AJOC EDITORIAL: The discoveries that almost didn’t happen
We aren’t hearing much from the opponents of the 2013 oil tax reform lately.
Facts tend to get in the way of rhetorical hyperbole, and it appears that reality has finally caught up with Democrats and Gov. Bill Walker, who collectively agitated for the repeal Senate Bill 21 in a 2014 voter referendum.
Losing that fight didn’t end the debate, however.
Nor did the undisputed evidence from Walker’s own Revenue Department that SB 21 was bringing in more money than the previous system as prices started to slide late in 2014.
Record employment and record drilling on the North Slope in 2015 didn’t stop the noise, either.
The 2016 fiscal year increase in production — the first since 2002 — was barely noted as the news came amid a chaotic end to the session and Walker vetoing some $1.3 billion in spending on June 29, about half of which was cutting the Permanent Fund Dividend to $1,000.
The calendar year also closed with an increase in production, which followed by only a couple weeks the third-best lease sale on the North Slope since the area-wide offerings began in 1998.
Now comes the news that ConocoPhillips has followed the Nanushuk formation now under development by Armstrong Energy and Repsol with one of its own in the same play that holds 300 million barrels of oil that could flow at a rate of 100,000 barrels per day.
The Armstrong-Repsol project in the neighboring Pikka Unit could flow at a rate of 120,000 barrels per day.
Those two projects combined are a bit less than half of the current fiscal year average through the Trans-Alaska Pipeline System of 510,000 barrels per day, and both companies are further exploring their acreage this winter with the belief there’s even more to be found.
Add in ConocoPhillips’ Greater Mooses Tooth 1 and 2 now in construction and permitting, respectively, and that’s another 60,000 barrels per day with GMT-1 to provide half that total beginning late in 2018.
Should the more longshot prospect being explored by Caelus come to fruition with up to 200,000 barrels per day from Smith Bay, we now have developments that nearly equal the current throughput potentially coming online by the early 2020s.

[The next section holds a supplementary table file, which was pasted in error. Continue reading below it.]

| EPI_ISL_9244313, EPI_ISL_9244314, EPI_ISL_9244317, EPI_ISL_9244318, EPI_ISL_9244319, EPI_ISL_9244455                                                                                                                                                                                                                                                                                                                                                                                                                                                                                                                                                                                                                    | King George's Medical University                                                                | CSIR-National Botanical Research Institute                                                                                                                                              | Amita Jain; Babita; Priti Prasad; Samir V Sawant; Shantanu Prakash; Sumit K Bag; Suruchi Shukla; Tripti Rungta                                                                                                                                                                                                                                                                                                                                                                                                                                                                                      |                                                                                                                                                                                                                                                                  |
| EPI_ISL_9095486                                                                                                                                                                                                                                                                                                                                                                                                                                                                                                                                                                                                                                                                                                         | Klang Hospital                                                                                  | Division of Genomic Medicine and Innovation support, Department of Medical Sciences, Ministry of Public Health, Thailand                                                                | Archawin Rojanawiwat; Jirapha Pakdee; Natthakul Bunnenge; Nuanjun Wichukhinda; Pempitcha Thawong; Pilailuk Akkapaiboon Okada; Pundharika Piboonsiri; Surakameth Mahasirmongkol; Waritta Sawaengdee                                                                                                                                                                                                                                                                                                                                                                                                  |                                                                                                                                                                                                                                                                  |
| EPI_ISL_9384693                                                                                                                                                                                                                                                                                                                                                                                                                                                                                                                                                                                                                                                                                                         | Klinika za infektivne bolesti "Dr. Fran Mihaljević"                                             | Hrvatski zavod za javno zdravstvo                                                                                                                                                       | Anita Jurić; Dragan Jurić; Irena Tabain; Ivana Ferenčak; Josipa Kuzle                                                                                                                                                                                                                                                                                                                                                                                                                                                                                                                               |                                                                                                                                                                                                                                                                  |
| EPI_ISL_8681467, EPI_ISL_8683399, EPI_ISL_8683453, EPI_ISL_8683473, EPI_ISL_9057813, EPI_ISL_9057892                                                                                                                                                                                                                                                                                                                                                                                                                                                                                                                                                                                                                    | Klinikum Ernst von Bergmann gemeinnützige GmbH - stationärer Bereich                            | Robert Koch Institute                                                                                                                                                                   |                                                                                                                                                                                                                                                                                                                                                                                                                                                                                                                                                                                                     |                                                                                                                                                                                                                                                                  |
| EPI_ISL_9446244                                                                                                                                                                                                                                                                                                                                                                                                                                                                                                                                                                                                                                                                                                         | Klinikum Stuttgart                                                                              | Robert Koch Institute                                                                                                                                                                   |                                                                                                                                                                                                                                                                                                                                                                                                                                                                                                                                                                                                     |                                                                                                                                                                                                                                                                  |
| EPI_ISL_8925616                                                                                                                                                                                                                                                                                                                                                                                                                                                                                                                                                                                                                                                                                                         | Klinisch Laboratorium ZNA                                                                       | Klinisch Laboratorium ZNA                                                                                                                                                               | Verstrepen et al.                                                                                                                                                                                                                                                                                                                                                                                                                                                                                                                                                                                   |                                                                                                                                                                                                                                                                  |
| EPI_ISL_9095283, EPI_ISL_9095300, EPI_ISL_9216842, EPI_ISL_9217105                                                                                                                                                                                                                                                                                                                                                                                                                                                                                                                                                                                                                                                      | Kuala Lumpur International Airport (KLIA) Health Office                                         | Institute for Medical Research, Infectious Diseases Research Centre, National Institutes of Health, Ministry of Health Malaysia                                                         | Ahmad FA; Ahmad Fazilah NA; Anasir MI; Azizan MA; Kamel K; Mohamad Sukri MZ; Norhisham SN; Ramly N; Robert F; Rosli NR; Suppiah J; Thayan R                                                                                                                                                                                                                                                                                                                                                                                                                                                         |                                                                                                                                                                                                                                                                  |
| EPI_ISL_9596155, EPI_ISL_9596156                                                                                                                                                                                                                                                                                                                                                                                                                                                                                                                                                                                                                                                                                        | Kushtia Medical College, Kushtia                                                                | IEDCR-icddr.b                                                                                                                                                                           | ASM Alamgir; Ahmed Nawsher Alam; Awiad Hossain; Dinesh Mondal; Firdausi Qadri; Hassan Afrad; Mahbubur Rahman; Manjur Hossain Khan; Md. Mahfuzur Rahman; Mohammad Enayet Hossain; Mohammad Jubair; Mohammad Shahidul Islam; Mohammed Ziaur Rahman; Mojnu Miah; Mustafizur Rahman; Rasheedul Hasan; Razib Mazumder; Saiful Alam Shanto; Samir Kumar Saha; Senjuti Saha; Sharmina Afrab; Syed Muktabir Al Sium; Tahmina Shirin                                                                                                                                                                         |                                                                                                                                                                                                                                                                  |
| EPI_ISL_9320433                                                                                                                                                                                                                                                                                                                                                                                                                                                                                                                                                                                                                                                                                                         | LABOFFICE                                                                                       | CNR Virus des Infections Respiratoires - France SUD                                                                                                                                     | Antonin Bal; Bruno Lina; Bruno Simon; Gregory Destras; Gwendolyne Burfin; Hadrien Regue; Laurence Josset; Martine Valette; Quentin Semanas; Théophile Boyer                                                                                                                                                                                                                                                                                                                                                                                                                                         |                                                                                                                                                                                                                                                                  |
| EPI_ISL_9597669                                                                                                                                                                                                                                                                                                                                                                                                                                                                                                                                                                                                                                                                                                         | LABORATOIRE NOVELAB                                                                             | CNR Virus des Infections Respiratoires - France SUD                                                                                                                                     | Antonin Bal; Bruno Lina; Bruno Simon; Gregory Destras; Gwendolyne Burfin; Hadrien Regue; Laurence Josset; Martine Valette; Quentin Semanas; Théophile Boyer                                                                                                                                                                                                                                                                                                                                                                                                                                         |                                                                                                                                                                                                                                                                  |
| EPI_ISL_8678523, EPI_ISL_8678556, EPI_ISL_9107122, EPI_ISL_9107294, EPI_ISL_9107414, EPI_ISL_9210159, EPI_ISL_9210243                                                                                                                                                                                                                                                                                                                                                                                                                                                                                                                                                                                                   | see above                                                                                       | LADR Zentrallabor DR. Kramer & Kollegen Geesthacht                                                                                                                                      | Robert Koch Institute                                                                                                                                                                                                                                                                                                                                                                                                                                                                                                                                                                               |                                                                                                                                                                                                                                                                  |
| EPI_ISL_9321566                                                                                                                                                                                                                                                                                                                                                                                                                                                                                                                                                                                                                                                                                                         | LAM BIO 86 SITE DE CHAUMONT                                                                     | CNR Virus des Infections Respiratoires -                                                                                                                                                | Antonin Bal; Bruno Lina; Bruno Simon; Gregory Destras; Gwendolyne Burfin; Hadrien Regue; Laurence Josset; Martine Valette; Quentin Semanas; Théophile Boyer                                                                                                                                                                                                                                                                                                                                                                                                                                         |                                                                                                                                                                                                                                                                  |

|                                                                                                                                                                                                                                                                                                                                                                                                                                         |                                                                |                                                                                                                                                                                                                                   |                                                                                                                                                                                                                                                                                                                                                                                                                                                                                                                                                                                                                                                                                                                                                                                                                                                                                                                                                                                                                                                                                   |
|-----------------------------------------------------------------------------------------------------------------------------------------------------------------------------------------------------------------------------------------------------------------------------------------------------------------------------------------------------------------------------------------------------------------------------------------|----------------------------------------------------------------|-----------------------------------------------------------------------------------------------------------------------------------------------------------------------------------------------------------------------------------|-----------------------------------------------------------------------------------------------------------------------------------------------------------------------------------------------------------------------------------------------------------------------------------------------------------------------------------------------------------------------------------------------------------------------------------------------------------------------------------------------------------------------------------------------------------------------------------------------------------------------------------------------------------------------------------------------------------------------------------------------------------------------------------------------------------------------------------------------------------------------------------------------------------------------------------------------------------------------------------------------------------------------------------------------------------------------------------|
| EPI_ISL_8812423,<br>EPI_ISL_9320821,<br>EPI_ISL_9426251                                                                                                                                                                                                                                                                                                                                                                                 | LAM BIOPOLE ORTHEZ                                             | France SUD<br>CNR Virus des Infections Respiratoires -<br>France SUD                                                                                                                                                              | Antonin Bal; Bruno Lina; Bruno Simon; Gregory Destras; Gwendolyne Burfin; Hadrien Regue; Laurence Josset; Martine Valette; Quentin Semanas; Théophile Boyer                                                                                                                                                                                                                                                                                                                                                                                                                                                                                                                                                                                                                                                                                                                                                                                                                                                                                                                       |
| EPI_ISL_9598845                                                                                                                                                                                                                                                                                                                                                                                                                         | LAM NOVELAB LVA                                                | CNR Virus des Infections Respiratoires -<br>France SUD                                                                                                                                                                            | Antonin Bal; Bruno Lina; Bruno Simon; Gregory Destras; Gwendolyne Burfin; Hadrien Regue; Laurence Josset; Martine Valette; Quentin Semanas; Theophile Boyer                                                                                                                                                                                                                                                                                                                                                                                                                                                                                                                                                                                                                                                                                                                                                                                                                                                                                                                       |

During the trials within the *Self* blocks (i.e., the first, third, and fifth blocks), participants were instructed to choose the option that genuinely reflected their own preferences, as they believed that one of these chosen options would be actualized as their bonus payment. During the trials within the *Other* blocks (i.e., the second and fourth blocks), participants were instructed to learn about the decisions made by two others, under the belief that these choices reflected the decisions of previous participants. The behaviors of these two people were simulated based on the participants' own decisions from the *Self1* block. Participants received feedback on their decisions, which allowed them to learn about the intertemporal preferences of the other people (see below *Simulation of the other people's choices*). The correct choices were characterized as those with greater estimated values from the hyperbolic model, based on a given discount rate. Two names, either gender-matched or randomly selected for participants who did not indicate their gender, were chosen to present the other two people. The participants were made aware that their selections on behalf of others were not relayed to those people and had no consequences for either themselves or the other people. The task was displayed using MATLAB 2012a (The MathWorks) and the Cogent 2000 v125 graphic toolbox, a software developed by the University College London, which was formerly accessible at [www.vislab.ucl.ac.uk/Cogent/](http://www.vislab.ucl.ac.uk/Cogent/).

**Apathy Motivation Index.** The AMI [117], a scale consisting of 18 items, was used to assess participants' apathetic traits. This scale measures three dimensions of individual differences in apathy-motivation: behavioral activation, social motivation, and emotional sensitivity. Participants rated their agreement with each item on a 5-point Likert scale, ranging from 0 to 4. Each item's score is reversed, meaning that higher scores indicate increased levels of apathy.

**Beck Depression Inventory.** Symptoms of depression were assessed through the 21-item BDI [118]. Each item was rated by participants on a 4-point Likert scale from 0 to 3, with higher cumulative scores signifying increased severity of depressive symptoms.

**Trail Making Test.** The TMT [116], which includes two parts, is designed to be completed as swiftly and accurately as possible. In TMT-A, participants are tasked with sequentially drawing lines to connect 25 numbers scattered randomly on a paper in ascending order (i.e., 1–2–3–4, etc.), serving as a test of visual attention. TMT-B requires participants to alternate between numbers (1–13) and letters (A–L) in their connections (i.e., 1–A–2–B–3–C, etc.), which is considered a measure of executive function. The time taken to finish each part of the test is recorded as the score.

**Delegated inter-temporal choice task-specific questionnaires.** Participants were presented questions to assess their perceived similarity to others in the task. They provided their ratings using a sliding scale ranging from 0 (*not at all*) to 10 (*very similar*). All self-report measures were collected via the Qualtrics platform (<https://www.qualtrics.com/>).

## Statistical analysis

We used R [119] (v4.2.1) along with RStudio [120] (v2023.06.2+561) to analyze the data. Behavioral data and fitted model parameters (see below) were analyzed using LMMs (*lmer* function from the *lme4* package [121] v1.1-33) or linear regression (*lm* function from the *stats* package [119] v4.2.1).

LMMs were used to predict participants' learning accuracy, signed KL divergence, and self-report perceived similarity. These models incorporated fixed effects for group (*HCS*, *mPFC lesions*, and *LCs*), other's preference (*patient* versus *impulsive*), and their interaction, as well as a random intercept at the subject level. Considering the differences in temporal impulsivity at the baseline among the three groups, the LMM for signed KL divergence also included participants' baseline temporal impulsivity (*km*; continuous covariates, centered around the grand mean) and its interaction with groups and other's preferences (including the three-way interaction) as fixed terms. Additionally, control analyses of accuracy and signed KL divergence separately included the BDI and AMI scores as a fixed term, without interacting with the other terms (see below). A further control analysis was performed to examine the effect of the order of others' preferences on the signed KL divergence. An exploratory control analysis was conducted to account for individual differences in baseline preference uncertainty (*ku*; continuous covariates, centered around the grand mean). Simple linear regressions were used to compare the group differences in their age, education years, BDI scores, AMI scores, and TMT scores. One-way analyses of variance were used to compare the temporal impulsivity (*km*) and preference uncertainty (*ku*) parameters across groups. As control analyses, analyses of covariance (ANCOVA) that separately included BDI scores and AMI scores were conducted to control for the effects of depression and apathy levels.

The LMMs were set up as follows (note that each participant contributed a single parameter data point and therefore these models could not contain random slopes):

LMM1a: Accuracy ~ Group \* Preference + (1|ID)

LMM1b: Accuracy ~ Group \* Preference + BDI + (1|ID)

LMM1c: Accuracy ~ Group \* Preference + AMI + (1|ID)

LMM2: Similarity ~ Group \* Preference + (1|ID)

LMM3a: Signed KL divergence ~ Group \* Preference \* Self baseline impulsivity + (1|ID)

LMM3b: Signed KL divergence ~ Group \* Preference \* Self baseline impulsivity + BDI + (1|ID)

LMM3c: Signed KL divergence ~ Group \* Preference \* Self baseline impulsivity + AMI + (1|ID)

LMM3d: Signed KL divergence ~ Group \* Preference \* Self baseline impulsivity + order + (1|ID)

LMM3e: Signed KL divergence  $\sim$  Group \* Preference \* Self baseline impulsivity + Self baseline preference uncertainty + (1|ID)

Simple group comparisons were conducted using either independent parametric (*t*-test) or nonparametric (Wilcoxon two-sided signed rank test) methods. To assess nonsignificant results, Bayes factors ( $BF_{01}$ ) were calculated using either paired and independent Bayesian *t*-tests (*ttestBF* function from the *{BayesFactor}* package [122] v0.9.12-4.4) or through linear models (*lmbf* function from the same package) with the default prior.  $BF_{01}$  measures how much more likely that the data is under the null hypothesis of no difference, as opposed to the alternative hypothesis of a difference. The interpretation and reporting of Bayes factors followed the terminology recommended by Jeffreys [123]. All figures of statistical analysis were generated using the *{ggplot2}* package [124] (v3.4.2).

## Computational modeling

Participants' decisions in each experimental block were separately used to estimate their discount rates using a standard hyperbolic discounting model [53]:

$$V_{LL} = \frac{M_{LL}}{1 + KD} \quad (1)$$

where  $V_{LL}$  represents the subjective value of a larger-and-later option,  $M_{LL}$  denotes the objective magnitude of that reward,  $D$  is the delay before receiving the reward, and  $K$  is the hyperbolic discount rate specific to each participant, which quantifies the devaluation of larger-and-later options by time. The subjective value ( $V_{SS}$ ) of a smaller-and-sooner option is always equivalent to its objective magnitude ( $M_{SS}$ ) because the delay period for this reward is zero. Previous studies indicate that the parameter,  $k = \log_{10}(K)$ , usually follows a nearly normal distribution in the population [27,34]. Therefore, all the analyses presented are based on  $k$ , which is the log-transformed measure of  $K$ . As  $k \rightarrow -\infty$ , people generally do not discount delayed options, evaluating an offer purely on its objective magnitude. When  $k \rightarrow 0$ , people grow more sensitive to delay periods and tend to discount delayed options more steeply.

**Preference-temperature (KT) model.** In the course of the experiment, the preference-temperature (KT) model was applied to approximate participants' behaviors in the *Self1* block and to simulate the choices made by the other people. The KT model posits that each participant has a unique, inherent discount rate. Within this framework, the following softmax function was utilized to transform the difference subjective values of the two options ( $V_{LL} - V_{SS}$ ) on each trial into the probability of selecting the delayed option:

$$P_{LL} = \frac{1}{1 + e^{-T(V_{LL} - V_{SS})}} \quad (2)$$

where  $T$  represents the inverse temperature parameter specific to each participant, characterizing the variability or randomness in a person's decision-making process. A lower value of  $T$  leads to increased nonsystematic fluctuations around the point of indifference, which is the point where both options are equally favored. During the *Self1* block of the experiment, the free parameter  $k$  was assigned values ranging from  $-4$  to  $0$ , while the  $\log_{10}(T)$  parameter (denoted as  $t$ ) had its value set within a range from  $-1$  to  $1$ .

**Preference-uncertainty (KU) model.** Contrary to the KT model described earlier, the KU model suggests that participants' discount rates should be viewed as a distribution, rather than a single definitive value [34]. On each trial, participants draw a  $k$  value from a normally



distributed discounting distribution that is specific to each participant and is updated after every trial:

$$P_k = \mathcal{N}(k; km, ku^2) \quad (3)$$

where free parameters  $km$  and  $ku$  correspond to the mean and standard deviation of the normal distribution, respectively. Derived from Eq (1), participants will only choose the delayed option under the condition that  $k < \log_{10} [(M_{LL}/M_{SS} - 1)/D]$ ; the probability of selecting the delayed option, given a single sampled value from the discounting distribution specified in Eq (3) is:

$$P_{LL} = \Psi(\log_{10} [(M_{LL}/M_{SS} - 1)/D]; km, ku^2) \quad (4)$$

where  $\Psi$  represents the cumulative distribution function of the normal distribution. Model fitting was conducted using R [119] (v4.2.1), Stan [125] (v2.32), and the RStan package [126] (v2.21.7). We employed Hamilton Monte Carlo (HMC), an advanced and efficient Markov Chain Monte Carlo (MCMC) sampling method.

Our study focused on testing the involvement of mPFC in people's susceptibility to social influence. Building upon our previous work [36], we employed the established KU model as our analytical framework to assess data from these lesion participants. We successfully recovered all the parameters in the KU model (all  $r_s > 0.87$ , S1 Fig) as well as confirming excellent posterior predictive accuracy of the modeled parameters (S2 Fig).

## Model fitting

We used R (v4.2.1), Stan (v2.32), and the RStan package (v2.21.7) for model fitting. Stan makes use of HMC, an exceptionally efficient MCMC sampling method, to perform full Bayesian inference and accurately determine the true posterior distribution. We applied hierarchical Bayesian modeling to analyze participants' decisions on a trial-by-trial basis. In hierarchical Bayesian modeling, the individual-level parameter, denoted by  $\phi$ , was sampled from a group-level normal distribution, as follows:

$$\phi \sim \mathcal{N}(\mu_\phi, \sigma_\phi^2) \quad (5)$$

As we ring in the new year with the state expected to lose 7,500 jobs in 2017 and the sharply divided Legislature convening with its last best chance at fixing a $3 billion-budget deficit, it is the oft-maligned oil industry that is providing a lone ray of hope for the Alaska economy.
When the Legislature inevitably takes up oil tax policy this session, it is important to remember who was completely wrong about SB 21. All of the current developments and the 2016 increase in production would have been at risk if the Democrats and Walker had their way in 2014.
Walker, for his part, had a convenient case of amnesia in responding to the ConocoPhillips announcement after he proposed tax increases on the oil industry just last session.
“It demonstrates that Alaska remains an attractive place to do business and look for oil,” Walker said.
Certainly it does “remain” attractive, but that’s no thanks to Walker or Democrats whose preferred policy resulted in continued annual decline and no discoveries.
It is not hard to draw a straight line from the change in policy in 2013 with the increase in activity and possibly the biggest find since Kuparuk on the North Slope with the Nanushuk play.
ConocoPhillips drilled no exploration wells in 2010, 2011 or 2012. It drilled three last year, made a big find and snapped up hundreds of thousands of acres around its discovery in December despite losing billions in 2015 and 2016 as prices cratered.
The only good thing about that was a temporary pause in Sen. Bill Wielechowski’s banal quarterly press releases pointing to ConocoPhillips profits as a reason to jack up its taxes.
“There is a direct correlation between investment and tax policy,” ConocoPhillips Alaska President Joe Marushack said on Jan. 13 as he described the company’s process for allocating capital between Alaska and the rest of its global portfolio.
“If the tax changes, the economics change, the allocation changes,” he said. “It’s very simple.”
So simple even the Democrats and the governor should be able to get it.
Andrew Jensen can be reached at firstname.lastname@example.org.